• Myocardial infarction (and its synonyms)is a type ofIschaemic heart disease (and its synonyms)which is a type ofDisorder of heart (and its synonyms)which is a type ofCardiovascular disorder (and its synonyms)which is a type ofDisorders (or diseases)which is a type ofClinical findings

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How Do Concept Codes Help in Decision Support and Research?

Now suppose that a doctor wishes to prescribe a drug that must not be used by anyone having a heart disorder. Because the clinical terminology knows every condition that is a type of heart disorder, it can automatically check the patient’s record to see whether the patient has any of these conditions.

This could not have been achieved with a free text patient record. For instance, Angina is a type of heart disorder, but this could not have been detected in a text-based patient record, where the best that can be achieved is to search for the word "heart" in the text. Nor would it have been possible to search for words "heart OR angina OR coronary OR myocardial OR ... etc.", as there are over 1000 types of heart disorder listed in the Read Codes for example.

Read Codes’ hierarchy of concepts allows all sorts of research questions such as "list all my patients who have eczema, and list these according to the type of eczema that they have." The possibilities are endless...

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Controlled Clinical Terminology Desirable Features (Cimino)

  • Concept based

  • Completeness (the compositional feature of a terminology ensures completeness)

  • Synonymy (in this way the terminology is less restrictive and richer; all synonyms of a concept point to it and are semantically associated with it)

  • Hierarchical

  • Multiple classification and multiple parentage

  • Compositional

  • Semantic definition of concepts

  • Mapped to classifications (e.g., Read -> ICD10; can be one-to-one or one-to-many maps; usually some detail is lost as classifications have coarser granularity compared to terminologies)

  • Language-independent model

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No Ambiguity or Redundancy

  • No duplicate concepts are allowed, i.e., cannot allow two different ways of coding the same thing or concept, e.g., "Heart attack" and "Myocardial infarction" cannot be considered two different concepts and given two concept codes; they are just synonyms.

  • "Paget disease" cannot be a concept’s preferred term or label, because it is ambiguous; it can point to "Paget disease of the breast" as well as "Paget disease of bone".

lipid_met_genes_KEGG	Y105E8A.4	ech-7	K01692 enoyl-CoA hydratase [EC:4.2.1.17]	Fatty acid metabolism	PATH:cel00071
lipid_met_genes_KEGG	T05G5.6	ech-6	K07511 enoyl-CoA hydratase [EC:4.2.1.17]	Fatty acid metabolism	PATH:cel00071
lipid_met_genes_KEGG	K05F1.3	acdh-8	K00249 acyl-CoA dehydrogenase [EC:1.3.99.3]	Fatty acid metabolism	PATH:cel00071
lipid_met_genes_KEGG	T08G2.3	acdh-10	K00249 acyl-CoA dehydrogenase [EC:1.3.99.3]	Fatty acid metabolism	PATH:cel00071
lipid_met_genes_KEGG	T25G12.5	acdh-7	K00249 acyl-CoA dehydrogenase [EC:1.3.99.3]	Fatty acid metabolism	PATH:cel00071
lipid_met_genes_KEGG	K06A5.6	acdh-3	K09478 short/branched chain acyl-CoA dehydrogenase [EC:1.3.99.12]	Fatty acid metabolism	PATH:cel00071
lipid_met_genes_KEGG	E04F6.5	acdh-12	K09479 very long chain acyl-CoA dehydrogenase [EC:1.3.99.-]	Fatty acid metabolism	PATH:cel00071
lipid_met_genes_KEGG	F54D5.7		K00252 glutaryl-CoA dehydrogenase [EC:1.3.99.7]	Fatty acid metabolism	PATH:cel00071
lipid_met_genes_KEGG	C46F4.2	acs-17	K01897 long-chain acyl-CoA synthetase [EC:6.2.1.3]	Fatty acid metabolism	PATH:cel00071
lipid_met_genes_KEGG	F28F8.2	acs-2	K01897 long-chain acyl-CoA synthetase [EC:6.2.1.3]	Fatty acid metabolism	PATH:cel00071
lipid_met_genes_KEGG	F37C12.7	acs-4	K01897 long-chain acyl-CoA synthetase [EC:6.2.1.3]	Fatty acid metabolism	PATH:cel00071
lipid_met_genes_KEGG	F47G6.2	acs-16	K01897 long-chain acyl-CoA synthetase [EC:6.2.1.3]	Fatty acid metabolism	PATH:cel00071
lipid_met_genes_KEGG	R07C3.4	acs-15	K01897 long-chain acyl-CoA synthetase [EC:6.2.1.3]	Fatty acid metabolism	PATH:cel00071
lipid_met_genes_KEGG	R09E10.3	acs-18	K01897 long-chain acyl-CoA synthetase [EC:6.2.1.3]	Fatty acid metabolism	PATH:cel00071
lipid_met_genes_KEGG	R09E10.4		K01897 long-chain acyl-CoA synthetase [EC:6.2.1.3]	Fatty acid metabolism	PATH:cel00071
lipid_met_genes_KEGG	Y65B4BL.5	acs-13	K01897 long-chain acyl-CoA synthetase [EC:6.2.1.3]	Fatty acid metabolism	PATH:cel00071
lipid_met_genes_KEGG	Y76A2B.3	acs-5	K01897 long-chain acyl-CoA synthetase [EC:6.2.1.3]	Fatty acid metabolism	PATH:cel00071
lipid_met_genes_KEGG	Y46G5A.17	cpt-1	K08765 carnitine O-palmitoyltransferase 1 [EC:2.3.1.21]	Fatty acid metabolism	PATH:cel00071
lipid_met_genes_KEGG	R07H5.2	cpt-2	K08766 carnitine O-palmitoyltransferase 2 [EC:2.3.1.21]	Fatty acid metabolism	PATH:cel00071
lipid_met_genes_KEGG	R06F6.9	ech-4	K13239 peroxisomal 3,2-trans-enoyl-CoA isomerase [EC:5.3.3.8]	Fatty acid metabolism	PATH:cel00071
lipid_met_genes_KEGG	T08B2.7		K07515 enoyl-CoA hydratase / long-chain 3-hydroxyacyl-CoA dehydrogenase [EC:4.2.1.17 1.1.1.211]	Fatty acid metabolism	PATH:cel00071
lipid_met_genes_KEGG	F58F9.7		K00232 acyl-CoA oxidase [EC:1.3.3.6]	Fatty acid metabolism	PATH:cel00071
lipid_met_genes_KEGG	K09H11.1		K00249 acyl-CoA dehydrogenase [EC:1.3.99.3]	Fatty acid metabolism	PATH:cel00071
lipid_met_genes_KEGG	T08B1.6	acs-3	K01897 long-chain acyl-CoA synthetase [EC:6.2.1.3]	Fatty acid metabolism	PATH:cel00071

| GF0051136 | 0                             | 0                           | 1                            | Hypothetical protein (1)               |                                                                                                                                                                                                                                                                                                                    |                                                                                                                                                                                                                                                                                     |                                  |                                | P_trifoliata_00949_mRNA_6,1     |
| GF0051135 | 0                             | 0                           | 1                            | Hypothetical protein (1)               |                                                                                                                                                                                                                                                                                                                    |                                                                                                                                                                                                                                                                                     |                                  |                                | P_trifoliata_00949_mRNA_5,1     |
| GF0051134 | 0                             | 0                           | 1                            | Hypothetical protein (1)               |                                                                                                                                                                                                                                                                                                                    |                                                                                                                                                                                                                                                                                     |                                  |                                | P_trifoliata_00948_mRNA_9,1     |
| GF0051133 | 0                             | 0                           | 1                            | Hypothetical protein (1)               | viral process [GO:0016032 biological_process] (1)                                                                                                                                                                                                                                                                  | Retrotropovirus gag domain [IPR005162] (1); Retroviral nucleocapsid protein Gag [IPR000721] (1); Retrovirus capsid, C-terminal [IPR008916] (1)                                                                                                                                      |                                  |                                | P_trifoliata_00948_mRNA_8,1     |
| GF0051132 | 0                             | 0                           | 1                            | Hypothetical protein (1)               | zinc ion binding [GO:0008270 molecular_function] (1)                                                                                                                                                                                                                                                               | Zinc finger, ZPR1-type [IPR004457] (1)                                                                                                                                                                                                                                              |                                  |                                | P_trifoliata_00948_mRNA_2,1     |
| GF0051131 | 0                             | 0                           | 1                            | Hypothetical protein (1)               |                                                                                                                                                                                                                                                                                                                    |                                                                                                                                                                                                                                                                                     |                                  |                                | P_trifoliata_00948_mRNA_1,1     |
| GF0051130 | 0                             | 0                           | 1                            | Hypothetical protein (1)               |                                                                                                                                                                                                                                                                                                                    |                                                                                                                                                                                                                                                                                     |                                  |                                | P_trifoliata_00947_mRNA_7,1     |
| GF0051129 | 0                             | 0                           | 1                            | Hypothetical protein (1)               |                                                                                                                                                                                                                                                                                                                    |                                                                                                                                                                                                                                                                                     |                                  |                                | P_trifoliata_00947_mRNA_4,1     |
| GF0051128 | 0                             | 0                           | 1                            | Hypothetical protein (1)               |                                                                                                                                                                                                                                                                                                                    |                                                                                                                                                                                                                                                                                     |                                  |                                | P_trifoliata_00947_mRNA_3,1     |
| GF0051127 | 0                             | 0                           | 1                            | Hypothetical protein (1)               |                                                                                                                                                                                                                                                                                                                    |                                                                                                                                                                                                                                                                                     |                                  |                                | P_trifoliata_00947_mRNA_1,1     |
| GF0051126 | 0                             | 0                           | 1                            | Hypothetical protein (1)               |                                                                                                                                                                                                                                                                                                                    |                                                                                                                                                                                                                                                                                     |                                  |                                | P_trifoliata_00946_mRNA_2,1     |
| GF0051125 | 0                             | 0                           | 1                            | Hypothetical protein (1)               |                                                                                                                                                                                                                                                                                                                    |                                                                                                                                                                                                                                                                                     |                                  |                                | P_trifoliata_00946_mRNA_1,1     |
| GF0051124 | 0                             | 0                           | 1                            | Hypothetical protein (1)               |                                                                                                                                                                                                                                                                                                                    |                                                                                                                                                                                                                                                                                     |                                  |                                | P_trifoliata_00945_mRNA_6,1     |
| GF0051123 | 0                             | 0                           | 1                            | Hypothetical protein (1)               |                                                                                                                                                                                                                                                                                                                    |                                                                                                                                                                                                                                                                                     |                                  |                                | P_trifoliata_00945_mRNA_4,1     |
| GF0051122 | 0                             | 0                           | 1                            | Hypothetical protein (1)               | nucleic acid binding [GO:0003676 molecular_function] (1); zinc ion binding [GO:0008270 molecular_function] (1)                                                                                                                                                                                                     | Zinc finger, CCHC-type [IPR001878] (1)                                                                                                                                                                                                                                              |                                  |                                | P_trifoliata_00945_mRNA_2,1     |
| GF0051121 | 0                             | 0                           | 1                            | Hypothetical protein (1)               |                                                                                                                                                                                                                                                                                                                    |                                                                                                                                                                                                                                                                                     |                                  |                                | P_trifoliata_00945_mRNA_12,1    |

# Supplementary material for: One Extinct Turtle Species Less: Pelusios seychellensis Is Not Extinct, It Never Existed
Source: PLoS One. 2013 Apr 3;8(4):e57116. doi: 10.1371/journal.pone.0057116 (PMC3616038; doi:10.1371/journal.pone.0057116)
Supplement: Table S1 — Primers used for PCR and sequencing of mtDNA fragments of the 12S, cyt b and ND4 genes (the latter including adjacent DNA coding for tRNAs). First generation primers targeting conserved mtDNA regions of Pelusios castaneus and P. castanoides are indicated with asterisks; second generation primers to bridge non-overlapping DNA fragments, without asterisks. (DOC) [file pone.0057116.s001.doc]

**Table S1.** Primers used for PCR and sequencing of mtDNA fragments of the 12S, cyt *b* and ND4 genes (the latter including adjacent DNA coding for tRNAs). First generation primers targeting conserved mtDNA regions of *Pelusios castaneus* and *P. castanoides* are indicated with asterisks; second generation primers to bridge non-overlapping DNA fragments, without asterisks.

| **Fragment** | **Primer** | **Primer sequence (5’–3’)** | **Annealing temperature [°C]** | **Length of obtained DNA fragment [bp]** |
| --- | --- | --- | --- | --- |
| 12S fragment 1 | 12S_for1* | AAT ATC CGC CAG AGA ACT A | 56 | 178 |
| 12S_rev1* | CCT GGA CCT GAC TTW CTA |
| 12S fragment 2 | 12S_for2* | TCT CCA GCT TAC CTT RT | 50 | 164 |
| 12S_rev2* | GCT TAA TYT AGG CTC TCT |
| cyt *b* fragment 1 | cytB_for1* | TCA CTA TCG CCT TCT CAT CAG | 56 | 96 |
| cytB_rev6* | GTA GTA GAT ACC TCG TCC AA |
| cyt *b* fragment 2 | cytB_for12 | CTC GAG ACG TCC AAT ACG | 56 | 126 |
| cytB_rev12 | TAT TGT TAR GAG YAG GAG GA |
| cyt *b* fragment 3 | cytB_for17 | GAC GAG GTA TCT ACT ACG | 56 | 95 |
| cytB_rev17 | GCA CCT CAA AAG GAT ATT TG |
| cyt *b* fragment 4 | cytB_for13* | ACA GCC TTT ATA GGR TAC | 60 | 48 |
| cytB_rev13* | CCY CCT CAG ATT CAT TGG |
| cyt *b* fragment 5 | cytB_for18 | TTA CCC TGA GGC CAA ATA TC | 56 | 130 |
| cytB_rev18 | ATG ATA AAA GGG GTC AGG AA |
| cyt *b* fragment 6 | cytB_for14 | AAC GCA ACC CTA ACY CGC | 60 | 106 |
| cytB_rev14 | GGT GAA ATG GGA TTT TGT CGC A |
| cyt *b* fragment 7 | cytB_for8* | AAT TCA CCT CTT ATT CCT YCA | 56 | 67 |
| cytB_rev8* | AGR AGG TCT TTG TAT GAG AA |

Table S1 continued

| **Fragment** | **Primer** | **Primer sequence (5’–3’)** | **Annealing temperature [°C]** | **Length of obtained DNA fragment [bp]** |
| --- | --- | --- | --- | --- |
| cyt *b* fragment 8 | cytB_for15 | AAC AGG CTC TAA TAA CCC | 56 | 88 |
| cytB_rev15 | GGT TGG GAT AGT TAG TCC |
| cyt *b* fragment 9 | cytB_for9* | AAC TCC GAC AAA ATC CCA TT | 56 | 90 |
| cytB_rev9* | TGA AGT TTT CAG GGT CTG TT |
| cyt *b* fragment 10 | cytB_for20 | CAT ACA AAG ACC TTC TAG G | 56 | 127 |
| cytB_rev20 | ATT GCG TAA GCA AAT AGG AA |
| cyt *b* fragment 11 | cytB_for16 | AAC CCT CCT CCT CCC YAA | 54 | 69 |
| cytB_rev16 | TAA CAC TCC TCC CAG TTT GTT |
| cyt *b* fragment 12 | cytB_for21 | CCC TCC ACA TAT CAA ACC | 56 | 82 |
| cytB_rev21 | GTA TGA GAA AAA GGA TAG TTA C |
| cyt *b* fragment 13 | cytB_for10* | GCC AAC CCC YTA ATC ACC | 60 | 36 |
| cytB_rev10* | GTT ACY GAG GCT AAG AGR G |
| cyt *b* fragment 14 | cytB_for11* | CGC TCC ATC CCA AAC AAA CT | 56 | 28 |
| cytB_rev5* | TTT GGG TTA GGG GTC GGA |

• Each concept has one unambiguous preferred term and any number of synonyms. Synonyms may be shared with other concepts, e.g., "Ventricle" is a synonym (but cannot be the preferred term) of both "Cardiac ventricle" and "Brain ventricle".

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Concept and Term Codes

  • "Plaque psoriasis" (concept label) has a Read concept code ‘M1614’ while the codes (TermIds) of the preferred term ‘Plaque psoriasis’ (again) is ‘Y50HZ’ and synonymous terms: "Discoid psoriasis" – ‘Y50Ha’ and "Nummular psoriasis" – ‘Y50Hc’, i.e., four codes for this example: one concept code and three TermIds.

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Arranging Concepts

  • Concepts can be arranged orthographically (by spelling, i.e., A to Z), like a dictionary (e.g., Apple, Dog, Orange, Zebra). However, arranging concepts semantically (by meaning) like a thesaurus is much more useful (e.g., Fruits [Apple, Orange], Animal [Dog, Zebra]).

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Directed Acyclic Graph (DAG)

  • DAG allows multiple parentage and allows concepts to be moved and reclassified as medical knowledge changes (cf. rigid code-dependent hierarchy of ICD). With DAG, unlimited hierarchy depths can be reached (cf. Only four levels in ICD), but all these features of DAG come on the expense of increased complexity for implementers.

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Enumerative Vs Compositional Terminologies

  • Enumerative (pre-coordinated) terminologies, where every possible concept is listed explicitly, result in compositional explosion and you can never be sure that you have listed all the possibilities.

  • A compositional (post-coordinated) terminology on the other hand, like Read CTV3, seeks to construct concepts from primitive building blocks, governed by validation rules.

  • OAV (Object-Attribute-Value) triples constitute the description logic scheme used in Read CTV3, and help achieving semantic definition of concepts.

  • In SNOMED (Systematised Nomenclature of Human and Veterinary Medicine - College of American Pathologists), the description logic is KRSS (Knowledge Representation System Specification) while in GALEN it is GRAIL.

  • N.B.: Read Codes are due to be merged with SNOMED by 2002, to create a new worldwide standard clinical coding scheme. This will be called SNOMED Clinical Terms (SNOMED-CT).

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Description Logics

  • Description logics (DLs) lie at the heart of any clinical terminology. DLs are languages that allow reasoning about information, in particular supporting the classification of descriptions by working out how concepts and their instances relate to one another based on their roles. They can thus infer knowledge implied by an ontology.